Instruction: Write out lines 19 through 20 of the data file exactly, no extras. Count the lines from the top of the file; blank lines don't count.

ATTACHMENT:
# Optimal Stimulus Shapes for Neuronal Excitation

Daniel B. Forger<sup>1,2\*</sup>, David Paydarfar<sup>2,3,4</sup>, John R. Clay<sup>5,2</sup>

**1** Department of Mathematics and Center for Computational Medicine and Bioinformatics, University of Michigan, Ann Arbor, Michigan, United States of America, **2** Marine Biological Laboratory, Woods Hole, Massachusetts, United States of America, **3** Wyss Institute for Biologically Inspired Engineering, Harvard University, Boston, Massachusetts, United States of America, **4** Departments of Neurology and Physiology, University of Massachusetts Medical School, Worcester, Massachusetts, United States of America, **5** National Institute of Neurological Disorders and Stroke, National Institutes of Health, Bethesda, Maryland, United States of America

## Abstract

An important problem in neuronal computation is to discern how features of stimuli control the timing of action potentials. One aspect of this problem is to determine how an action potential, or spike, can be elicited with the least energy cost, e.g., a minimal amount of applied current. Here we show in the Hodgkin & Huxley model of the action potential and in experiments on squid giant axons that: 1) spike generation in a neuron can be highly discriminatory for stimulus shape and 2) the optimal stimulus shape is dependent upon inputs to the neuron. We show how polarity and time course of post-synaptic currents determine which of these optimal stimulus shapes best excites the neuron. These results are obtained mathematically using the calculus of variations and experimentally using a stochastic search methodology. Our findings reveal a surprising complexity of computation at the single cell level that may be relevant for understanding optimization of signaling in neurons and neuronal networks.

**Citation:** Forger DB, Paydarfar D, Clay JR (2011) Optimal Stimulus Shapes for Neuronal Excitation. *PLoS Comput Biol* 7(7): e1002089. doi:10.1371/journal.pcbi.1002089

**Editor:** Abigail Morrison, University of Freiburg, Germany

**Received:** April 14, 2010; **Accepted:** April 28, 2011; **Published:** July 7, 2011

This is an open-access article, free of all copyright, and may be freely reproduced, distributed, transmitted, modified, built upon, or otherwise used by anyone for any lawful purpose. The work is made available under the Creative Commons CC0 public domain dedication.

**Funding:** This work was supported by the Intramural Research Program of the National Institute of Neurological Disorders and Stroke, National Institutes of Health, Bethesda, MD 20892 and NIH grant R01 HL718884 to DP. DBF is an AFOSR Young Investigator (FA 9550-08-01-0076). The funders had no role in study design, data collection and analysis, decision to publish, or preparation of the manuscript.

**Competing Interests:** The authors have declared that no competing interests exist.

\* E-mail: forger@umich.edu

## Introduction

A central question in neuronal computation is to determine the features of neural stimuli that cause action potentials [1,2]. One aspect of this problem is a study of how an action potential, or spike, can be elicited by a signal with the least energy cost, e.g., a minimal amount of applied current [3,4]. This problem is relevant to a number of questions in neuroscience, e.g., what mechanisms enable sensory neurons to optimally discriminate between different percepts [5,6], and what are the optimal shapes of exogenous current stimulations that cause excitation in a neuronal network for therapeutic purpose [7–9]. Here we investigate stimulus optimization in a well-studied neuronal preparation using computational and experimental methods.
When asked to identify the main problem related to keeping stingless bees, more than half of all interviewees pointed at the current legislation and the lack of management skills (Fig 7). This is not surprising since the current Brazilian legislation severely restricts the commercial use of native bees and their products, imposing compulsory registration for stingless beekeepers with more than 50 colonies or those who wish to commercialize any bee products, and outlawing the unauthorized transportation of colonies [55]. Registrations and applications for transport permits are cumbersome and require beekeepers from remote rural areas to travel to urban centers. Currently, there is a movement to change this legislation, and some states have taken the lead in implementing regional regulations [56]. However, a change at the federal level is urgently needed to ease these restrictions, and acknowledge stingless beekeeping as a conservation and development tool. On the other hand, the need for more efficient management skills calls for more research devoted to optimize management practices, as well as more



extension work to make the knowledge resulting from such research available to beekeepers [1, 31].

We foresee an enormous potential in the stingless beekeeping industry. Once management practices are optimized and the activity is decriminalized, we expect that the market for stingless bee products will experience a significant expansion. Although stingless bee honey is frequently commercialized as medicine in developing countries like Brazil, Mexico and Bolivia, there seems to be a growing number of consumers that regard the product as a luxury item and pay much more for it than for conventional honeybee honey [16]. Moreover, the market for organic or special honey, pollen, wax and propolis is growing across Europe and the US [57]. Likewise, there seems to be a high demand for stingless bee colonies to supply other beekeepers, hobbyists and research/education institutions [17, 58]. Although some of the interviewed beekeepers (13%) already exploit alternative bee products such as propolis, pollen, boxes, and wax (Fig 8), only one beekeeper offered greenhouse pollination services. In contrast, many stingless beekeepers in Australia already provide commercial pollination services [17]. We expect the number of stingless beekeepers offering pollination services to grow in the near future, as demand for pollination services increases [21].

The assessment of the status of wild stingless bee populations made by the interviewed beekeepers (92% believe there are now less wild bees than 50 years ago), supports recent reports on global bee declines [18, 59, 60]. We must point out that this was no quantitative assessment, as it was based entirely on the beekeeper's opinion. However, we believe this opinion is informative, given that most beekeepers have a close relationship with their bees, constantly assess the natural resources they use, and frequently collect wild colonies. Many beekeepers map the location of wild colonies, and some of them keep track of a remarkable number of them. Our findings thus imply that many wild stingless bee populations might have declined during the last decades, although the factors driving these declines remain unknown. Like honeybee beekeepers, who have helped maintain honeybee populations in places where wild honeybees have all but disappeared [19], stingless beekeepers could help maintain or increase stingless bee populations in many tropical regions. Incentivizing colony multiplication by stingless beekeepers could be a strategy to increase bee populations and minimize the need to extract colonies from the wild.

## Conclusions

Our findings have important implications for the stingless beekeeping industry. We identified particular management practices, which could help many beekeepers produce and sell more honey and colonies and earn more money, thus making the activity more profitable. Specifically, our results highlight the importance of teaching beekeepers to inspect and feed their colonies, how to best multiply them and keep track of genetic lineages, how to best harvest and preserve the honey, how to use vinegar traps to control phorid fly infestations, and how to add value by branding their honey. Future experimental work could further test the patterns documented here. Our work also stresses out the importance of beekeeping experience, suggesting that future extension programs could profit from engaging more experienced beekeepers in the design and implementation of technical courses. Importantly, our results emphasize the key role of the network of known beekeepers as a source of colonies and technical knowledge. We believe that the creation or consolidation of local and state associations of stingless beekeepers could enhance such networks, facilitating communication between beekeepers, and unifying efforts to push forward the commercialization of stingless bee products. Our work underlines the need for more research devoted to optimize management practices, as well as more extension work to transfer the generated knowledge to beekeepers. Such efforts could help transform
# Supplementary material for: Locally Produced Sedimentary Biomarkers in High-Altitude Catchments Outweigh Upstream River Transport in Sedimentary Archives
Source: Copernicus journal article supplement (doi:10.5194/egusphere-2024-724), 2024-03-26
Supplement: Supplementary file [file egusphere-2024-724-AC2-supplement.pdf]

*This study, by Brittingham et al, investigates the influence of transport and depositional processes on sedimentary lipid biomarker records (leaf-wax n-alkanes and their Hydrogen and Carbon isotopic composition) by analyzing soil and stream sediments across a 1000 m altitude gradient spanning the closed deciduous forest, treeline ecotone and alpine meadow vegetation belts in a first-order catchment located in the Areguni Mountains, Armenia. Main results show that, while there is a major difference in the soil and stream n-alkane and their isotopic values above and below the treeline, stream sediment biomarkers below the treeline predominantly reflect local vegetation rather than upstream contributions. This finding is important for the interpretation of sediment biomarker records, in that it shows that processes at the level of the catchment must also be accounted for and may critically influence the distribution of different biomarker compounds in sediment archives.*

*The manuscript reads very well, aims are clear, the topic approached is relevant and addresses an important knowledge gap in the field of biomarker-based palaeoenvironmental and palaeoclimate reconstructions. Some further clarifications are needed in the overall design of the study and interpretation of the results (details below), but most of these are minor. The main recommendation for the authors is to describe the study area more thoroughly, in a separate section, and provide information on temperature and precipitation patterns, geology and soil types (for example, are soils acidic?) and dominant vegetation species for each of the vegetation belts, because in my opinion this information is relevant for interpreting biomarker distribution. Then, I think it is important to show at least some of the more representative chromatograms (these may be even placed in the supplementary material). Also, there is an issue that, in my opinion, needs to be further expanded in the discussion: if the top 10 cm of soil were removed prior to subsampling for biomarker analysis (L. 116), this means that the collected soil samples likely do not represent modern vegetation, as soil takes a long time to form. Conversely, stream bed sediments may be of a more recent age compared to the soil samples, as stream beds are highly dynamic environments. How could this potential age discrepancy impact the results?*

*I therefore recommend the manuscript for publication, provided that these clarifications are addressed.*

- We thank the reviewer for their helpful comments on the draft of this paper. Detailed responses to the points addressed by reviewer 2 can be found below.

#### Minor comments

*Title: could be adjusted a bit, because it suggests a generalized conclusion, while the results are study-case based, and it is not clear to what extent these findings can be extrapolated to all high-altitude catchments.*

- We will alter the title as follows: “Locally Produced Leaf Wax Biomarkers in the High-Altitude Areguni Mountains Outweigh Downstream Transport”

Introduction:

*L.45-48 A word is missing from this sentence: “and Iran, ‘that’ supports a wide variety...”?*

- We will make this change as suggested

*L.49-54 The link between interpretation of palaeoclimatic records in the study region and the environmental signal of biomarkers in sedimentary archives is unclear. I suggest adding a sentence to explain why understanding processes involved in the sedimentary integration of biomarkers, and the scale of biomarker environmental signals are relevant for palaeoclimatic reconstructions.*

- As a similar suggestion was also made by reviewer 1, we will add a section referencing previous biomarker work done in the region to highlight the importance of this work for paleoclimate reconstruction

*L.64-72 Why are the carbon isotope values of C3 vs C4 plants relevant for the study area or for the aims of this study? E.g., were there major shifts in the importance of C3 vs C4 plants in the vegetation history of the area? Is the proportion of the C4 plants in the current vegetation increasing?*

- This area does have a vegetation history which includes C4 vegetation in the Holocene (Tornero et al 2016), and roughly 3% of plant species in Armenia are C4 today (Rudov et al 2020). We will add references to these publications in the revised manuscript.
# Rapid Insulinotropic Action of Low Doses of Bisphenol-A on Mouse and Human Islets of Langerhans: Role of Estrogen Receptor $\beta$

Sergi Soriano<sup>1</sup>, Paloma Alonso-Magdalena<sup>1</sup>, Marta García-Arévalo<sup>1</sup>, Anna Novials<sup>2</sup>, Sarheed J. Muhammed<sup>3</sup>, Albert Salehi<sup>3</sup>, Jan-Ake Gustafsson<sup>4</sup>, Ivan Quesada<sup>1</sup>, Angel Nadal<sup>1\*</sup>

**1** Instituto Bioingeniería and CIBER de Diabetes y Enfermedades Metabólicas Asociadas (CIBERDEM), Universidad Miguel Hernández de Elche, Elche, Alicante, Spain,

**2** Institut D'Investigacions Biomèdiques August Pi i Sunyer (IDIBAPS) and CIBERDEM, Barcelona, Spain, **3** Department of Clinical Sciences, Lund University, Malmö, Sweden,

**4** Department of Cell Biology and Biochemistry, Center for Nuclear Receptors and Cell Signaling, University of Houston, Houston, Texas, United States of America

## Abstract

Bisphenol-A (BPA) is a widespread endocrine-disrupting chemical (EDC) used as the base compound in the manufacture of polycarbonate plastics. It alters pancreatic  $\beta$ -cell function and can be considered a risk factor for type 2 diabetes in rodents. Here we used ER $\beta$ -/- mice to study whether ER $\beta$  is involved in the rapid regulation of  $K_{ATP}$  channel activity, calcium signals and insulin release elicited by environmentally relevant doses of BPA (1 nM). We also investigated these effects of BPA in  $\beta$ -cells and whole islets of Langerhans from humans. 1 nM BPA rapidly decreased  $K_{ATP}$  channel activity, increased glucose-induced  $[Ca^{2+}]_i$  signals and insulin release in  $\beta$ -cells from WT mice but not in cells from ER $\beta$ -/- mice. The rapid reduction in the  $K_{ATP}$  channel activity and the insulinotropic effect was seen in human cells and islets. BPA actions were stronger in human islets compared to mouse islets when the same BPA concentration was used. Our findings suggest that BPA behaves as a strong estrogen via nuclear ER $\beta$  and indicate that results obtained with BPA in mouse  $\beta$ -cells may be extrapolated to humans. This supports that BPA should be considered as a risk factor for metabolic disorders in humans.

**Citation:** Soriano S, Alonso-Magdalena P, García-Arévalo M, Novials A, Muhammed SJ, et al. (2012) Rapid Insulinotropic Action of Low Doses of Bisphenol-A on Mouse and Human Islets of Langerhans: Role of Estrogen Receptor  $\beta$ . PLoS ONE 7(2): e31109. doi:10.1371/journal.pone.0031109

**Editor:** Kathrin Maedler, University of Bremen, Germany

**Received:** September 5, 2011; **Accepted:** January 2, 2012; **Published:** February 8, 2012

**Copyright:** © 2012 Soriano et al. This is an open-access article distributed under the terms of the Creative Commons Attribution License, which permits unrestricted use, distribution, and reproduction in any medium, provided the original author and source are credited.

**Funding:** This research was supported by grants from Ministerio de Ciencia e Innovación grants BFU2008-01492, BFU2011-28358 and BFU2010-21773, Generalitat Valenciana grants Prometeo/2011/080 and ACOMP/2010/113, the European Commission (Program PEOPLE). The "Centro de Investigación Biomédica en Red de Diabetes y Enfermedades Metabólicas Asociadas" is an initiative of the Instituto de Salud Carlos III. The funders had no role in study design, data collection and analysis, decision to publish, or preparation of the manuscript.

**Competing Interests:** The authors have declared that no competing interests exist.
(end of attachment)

## Conclusions

Our findings have important implications for the stingless beekeeping industry. We identified particular management practices, which could help many beekeepers produce and sell more honey and colonies and earn more money, thus making the activity more profitable. Specifically, our results highlight the importance of teaching beekeepers to inspect and feed their colonies, how to best multiply them and keep track of genetic lineages, how to best harvest and preserve the honey, how to use vinegar traps to control phorid fly infestations, and how to add value by branding their honey. Future experimental work could further test the patterns documented here. Our work also stresses out the importance of beekeeping experience, suggesting that future extension programs could profit from engaging more experienced beekeepers in the design and implementation of technical courses. Importantly, our results emphasize the key role of the network of known beekeepers as a source of colonies and technical knowledge. We believe that the creation or consolidation of local and state associations of stingless beekeepers could enhance such networks, facilitating communication between beekeepers, and unifying efforts to push forward the commercialization of stingless bee products. Our work underlines the need for more research devoted to optimize management practices, as well as more extension work to transfer the generated knowledge to beekeepers. Such efforts could help transform